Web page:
You spend so much time preparing for the birth of your baby and bringing them home to secure surroundings. You have patiently and carefully read every article and checked that their furniture, toys, clothes and every object they touch is safe for them in their waking hours. It is just as important to be educated about keeping them safe during the time they are sleeping.
Unfortunately, SIDS is still an all too common risk for parents. SIDS is a sudden and silent medical disorder that can happen to an infant who seems healthy. SIDS is sometimes called "crib death" or "cot death" because it is associated with the time when the baby is sleeping. Cribs themselves do not cause SIDS, but the baby's sleep environment can influence sleep-related causes of death. SIDS is the leading cause of death among babies between 1 month and 1 year of age.
The good news is SIDS rates for the United States have dropped steadily since 1994 in all racial and ethnic groups. Thousands of infant lives have been saved by practicing infant safe sleep practices. ( Safe to Sleep, US Department of Health and Human Services, 2023 version 4.3.0). Read on to learn how to practice infant safe sleep and keep your baby sleeping soundly.
What are the Current Infant Safe Sleep Recommendations?
Infant safe sleep recommendations have changed over time and it’s important to keep updated on what they are and to share them with your partner and any caretakers who will be around your infant.
The most current infant safe sleep recommendations are as follows:
- Your baby should sleep alone in their crib or bassinet on a firm, flat mattress with a sheet that fits snugly.
- Make sure there is no clutter inside their sleep space- no blankets, pillows, crib bumpers, stuffed animals or other objects.
- If your baby needs comforting or to be fed, you may bring your baby into your bed.
However, it is very important to return your baby to its safe sleep space before you go back to sleep.
SIDS and Sleep-Related Incidents + How to Lower the Risk of SIDS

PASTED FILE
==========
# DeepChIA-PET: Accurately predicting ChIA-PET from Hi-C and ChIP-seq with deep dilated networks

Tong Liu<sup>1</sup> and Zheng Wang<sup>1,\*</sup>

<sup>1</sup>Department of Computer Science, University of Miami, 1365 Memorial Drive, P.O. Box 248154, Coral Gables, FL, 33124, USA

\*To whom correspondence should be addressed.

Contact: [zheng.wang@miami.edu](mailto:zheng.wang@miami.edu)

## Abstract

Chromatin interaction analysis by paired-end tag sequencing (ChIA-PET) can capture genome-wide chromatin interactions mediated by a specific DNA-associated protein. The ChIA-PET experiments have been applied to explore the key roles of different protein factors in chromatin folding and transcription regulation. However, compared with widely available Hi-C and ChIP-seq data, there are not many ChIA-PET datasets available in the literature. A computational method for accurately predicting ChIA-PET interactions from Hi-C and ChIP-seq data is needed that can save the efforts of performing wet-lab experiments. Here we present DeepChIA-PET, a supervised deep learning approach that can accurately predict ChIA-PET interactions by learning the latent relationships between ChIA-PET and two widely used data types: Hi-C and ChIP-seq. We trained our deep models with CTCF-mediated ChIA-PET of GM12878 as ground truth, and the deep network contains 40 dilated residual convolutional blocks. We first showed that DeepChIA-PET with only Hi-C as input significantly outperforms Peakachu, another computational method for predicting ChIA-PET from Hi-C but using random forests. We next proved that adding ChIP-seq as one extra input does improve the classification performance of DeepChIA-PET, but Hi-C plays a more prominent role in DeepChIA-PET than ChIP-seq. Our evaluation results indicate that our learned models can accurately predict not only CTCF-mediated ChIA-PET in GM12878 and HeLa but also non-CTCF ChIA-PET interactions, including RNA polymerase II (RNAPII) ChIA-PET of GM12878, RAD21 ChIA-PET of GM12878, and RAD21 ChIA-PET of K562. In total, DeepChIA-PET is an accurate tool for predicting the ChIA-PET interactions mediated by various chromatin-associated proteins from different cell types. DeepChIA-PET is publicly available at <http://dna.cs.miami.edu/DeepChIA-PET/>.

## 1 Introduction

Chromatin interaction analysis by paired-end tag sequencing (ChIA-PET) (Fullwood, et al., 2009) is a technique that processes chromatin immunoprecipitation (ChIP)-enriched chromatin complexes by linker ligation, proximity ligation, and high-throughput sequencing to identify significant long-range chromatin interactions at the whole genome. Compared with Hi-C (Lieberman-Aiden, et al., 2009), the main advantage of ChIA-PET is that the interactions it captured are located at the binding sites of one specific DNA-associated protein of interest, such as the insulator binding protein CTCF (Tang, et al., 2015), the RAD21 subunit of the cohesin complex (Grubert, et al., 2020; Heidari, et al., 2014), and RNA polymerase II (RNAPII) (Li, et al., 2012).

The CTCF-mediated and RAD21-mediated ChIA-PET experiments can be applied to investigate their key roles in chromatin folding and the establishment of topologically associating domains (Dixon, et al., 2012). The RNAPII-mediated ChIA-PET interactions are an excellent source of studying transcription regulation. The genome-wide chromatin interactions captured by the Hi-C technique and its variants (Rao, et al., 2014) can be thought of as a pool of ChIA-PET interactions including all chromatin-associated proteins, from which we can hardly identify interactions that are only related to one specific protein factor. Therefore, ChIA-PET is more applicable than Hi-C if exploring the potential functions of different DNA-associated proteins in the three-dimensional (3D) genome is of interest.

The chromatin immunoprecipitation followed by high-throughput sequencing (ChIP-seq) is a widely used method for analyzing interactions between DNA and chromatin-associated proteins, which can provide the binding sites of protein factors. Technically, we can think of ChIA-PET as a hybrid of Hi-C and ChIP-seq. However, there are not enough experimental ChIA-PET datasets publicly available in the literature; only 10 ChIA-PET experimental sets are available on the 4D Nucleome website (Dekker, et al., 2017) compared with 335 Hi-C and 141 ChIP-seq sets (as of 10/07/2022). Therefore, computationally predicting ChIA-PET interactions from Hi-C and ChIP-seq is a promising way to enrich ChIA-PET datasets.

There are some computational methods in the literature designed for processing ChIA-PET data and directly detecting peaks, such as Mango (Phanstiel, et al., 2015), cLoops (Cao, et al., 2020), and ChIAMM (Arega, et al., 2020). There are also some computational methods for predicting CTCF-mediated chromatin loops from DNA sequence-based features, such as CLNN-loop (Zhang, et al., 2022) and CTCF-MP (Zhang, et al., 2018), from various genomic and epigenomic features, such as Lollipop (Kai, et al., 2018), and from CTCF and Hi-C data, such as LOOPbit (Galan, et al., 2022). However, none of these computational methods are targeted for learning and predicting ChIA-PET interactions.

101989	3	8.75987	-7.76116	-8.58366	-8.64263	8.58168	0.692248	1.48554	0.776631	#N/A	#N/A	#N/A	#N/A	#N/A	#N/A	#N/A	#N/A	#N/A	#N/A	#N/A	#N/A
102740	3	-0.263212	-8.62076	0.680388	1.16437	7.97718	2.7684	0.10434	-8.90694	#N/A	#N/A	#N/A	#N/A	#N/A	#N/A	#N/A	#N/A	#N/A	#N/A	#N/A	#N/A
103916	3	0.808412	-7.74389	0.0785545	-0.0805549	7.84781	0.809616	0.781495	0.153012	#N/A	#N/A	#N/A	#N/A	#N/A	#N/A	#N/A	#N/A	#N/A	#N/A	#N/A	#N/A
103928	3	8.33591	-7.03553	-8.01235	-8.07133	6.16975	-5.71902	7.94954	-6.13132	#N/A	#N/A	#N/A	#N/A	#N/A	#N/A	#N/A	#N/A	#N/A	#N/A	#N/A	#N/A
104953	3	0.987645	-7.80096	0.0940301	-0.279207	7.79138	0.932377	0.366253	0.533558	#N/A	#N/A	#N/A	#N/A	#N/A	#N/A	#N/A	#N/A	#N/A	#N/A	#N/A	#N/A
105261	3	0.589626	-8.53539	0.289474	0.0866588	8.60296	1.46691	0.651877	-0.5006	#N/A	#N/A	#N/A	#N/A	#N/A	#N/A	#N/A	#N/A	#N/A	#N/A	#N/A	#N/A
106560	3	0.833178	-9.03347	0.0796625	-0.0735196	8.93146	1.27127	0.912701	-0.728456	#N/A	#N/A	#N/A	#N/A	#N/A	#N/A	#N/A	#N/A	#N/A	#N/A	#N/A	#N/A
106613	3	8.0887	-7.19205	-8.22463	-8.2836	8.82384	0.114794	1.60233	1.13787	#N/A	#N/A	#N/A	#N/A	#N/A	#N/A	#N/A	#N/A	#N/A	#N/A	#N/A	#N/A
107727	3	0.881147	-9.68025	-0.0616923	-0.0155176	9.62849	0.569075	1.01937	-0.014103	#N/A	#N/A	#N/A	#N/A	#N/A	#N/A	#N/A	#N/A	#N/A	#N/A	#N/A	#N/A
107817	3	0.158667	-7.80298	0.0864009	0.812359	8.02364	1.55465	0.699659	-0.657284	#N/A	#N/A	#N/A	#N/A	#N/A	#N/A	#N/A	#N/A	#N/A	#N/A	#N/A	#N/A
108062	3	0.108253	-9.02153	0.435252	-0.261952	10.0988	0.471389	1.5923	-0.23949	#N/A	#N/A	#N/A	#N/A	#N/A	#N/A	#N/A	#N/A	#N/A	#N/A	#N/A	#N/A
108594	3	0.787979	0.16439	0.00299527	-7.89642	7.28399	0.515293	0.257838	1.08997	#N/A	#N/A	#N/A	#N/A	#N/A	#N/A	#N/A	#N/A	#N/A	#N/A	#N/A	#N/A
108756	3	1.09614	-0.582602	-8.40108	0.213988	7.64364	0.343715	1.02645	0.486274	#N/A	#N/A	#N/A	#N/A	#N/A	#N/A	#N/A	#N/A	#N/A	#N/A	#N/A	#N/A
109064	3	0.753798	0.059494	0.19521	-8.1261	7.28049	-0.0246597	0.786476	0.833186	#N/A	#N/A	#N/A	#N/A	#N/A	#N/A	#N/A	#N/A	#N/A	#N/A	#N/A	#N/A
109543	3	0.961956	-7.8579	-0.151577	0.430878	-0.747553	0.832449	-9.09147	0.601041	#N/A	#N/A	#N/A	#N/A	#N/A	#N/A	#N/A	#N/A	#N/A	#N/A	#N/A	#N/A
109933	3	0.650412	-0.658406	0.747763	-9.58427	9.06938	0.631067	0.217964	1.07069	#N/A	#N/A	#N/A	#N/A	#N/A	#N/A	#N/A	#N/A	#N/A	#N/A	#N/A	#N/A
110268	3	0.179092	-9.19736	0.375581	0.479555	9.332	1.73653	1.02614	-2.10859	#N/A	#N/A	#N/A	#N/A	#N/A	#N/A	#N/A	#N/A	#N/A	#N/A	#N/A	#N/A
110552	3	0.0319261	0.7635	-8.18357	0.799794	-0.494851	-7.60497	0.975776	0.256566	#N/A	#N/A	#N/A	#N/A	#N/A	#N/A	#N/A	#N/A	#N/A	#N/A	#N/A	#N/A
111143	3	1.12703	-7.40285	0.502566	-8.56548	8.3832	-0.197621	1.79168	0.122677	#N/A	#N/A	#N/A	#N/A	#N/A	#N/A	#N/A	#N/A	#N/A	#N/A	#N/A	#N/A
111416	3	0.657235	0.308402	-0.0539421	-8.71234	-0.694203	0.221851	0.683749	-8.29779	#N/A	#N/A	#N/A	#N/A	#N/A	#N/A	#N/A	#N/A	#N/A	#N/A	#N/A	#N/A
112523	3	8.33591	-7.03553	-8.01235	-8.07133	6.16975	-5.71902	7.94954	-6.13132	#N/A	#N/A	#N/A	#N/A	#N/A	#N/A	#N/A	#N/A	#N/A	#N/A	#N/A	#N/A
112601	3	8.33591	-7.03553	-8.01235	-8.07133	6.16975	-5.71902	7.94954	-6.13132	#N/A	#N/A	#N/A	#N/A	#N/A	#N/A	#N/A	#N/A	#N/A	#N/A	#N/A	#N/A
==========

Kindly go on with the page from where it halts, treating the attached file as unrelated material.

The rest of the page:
SIDS is every parent’s worst nightmare. Lower your baby’s risk of SIDs by following the most current suggestions below:
- If you can, breastfeed your baby. Babies who breastfeed, or are fed breastmilk, are at a lower risk for SIDS than babies who were never fed breastmilk.
- Avoid drinking alcohol and using marijuana or illegal drugs during pregnancy and after the baby is born.
- Do not smoke or allow smoking around your baby.
- Avoid overheating. Do not over bundle and make sure to dress your baby in the appropriate sleep clothing. Avoid use of head coverings and hats while indoors.
- Take your baby to regular well-baby visits and stay updated on vaccines.
- Practice tummy time with baby.
4 Tips for Getting Your Baby to Sleep Safely
As the clock ticks closer to baby’s bedtime, keep these four bedtime tips in mind:
How Do I Swaddle My Baby?
Another important practice at bedtime is swaddling. When your baby is born, a nurse may have swaddled them. Swaddling, wrapping a baby up in blankets, can simulate the womb environment, which can comfort your little one. Skills like this are often covered in Childbirth Education Courses or can be demonstrated for you by your nurse.
How to Swaddle Your Infant:
- Spread your blanket flat in front of you like a diamond.
- Fold the top corner down to meet the center of the blanket.
- Lay your baby on their back on top of the blanket, with their head above the folded corner.
- Straighten their left arm, wrap the left corner over their body, and tuck it in their right armpit.
- Tuck their right arm down and fold the right corner of the blanket over their body and under their left side.
- Fold the bottom of the blanket loosely and tuck it under one baby’s side.
Check to make sure their hips and legs can move freely when you are finished. You will also want to check that the blanket is not too tight. You can do this by placing two or three fingers between your baby’s chest and the swaddling blanket.
When your baby starts trying to roll over, it is time to stop swaddling.
Baby Sleep Products –What to Avoid
While a good swaddle is a must-have on your baby registry, there are certain items that do not promote safe sleep. The following items are not recommended by the American Academy of Pediatrics for infant safe sleep and should be avoided:
- Crib Bumpers
- Inclined Infant Sleeper Products (these may be called nests, docks, pods, loungers, rockers or nappers)
- Any infant bed sharing products
Your baby should sleep by themselves, without any bumpers, soft bedding, pillows or stuffed toys. Your baby does not need many things to sleep safely.
A happy, well-slept baby equals happy (and hopefully, well-slept) parents. If you have any questions regarding infant safe sleep, please speak with your baby’s pediatrician.
Please take a minute to check out these important resources on safe sleep: